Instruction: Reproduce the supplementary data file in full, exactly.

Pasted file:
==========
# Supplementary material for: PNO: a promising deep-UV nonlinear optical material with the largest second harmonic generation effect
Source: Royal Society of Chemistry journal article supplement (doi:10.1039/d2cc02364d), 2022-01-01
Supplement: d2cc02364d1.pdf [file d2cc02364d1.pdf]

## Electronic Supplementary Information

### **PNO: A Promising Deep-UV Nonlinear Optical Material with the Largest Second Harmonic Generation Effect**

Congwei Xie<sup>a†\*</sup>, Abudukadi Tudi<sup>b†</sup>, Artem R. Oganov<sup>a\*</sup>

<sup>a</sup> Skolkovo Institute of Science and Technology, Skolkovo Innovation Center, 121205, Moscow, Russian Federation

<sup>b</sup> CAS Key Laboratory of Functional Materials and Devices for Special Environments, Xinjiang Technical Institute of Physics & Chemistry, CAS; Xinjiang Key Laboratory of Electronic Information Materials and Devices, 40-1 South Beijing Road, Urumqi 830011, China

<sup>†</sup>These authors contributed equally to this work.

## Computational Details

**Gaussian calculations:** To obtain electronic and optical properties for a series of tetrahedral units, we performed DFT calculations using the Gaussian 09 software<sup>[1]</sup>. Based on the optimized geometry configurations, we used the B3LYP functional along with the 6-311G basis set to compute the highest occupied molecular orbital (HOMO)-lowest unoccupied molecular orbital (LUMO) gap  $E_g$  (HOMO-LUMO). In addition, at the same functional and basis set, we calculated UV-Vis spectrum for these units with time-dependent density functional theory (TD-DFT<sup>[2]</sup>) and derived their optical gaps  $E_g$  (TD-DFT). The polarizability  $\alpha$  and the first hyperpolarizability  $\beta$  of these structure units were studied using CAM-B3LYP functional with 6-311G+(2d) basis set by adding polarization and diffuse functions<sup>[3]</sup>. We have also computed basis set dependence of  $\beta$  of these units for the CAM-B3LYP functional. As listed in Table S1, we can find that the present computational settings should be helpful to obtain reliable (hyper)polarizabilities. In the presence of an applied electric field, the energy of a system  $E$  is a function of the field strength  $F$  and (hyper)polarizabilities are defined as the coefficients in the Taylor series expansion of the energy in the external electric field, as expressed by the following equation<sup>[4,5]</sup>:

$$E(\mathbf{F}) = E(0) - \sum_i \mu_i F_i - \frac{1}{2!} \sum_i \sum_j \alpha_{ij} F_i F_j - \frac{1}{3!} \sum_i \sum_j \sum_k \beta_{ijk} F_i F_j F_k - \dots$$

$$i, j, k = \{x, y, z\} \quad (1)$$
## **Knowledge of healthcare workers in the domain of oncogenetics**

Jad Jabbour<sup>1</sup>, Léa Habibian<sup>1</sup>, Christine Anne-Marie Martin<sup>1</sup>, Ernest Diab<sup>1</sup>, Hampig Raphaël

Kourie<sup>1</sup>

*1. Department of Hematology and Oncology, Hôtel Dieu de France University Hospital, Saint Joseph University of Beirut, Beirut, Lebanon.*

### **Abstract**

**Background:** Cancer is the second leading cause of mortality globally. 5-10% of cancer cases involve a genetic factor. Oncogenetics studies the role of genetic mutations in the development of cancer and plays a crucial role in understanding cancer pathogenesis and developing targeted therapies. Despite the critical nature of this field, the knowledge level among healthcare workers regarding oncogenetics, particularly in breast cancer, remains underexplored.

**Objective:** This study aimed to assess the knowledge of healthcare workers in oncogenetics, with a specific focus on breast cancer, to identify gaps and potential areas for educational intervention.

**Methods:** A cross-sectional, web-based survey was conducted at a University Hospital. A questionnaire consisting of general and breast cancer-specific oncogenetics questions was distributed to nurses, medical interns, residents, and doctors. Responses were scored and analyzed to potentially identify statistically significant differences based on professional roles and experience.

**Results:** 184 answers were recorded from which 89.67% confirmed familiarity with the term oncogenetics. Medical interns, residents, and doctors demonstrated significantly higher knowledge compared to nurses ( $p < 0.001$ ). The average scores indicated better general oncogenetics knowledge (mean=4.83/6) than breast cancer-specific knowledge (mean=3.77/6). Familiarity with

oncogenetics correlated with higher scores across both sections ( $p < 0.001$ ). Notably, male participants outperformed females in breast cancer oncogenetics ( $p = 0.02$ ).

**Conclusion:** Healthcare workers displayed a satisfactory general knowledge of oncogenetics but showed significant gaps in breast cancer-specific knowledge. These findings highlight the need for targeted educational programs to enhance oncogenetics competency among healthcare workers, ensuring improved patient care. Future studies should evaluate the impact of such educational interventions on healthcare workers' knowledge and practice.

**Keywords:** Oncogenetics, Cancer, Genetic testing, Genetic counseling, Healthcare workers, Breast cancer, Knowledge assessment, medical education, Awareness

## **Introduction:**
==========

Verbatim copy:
# Supplementary material for: PNO: a promising deep-UV nonlinear optical material with the largest second harmonic generation effect
Source: Royal Society of Chemistry journal article supplement (doi:10.1039/d2cc02364d), 2022-01-01
Supplement: d2cc02364d1.pdf [file d2cc02364d1.pdf]

## Electronic Supplementary Information

### **PNO: A Promising Deep-UV Nonlinear Optical Material with the Largest Second Harmonic Generation Effect**

Congwei Xie<sup>a†\*</sup>, Abudukadi Tudi<sup>b†</sup>, Artem R. Oganov<sup>a\*</sup>

<sup>a</sup> Skolkovo Institute of Science and Technology, Skolkovo Innovation Center, 121205, Moscow, Russian Federation

<sup>b</sup> CAS Key Laboratory of Functional Materials and Devices for Special Environments, Xinjiang Technical Institute of Physics & Chemistry, CAS; Xinjiang Key Laboratory of Electronic Information Materials and Devices, 40-1 South Beijing Road, Urumqi 830011, China

<sup>†</sup>These authors contributed equally to this work.

## Computational Details

**Gaussian calculations:** To obtain electronic and optical properties for a series of tetrahedral units, we performed DFT calculations using the Gaussian 09 software<sup>[1]</sup>. Based on the optimized geometry configurations, we used the B3LYP functional along with the 6-311G basis set to compute the highest occupied molecular orbital (HOMO)-lowest unoccupied molecular orbital (LUMO) gap  $E_g$  (HOMO-LUMO). In addition, at the same functional and basis set, we calculated UV-Vis spectrum for these units with time-dependent density functional theory (TD-DFT<sup>[2]</sup>) and derived their optical gaps  $E_g$  (TD-DFT). The polarizability  $\alpha$  and the first hyperpolarizability  $\beta$  of these structure units were studied using CAM-B3LYP functional with 6-311G+(2d) basis set by adding polarization and diffuse functions<sup>[3]</sup>. We have also computed basis set dependence of  $\beta$  of these units for the CAM-B3LYP functional. As listed in Table S1, we can find that the present computational settings should be helpful to obtain reliable (hyper)polarizabilities. In the presence of an applied electric field, the energy of a system  $E$  is a function of the field strength  $F$  and (hyper)polarizabilities are defined as the coefficients in the Taylor series expansion of the energy in the external electric field, as expressed by the following equation<sup>[4,5]</sup>:

$$E(\mathbf{F}) = E(0) - \sum_i \mu_i F_i - \frac{1}{2!} \sum_i \sum_j \alpha_{ij} F_i F_j - \frac{1}{3!} \sum_i \sum_j \sum_k \beta_{ijk} F_i F_j F_k - \dots$$

$$i, j, k = \{x, y, z\} \quad (1)$$
## **Knowledge of healthcare workers in the domain of oncogenetics**

Jad Jabbour<sup>1</sup>, Léa Habibian<sup>1</sup>, Christine Anne-Marie Martin<sup>1</sup>, Ernest Diab<sup>1</sup>, Hampig Raphaël

Kourie<sup>1</sup>

*1. Department of Hematology and Oncology, Hôtel Dieu de France University Hospital, Saint Joseph University of Beirut, Beirut, Lebanon.*

### **Abstract**

**Background:** Cancer is the second leading cause of mortality globally. 5-10% of cancer cases involve a genetic factor. Oncogenetics studies the role of genetic mutations in the development of cancer and plays a crucial role in understanding cancer pathogenesis and developing targeted therapies. Despite the critical nature of this field, the knowledge level among healthcare workers regarding oncogenetics, particularly in breast cancer, remains underexplored.

**Objective:** This study aimed to assess the knowledge of healthcare workers in oncogenetics, with a specific focus on breast cancer, to identify gaps and potential areas for educational intervention.

**Methods:** A cross-sectional, web-based survey was conducted at a University Hospital. A questionnaire consisting of general and breast cancer-specific oncogenetics questions was distributed to nurses, medical interns, residents, and doctors. Responses were scored and analyzed to potentially identify statistically significant differences based on professional roles and experience.

**Results:** 184 answers were recorded from which 89.67% confirmed familiarity with the term oncogenetics. Medical interns, residents, and doctors demonstrated significantly higher knowledge compared to nurses ( $p < 0.001$ ). The average scores indicated better general oncogenetics knowledge (mean=4.83/6) than breast cancer-specific knowledge (mean=3.77/6). Familiarity with

oncogenetics correlated with higher scores across both sections ( $p < 0.001$ ). Notably, male participants outperformed females in breast cancer oncogenetics ( $p = 0.02$ ).

**Conclusion:** Healthcare workers displayed a satisfactory general knowledge of oncogenetics but showed significant gaps in breast cancer-specific knowledge. These findings highlight the need for targeted educational programs to enhance oncogenetics competency among healthcare workers, ensuring improved patient care. Future studies should evaluate the impact of such educational interventions on healthcare workers' knowledge and practice.

**Keywords:** Oncogenetics, Cancer, Genetic testing, Genetic counseling, Healthcare workers, Breast cancer, Knowledge assessment, medical education, Awareness

## **Introduction:**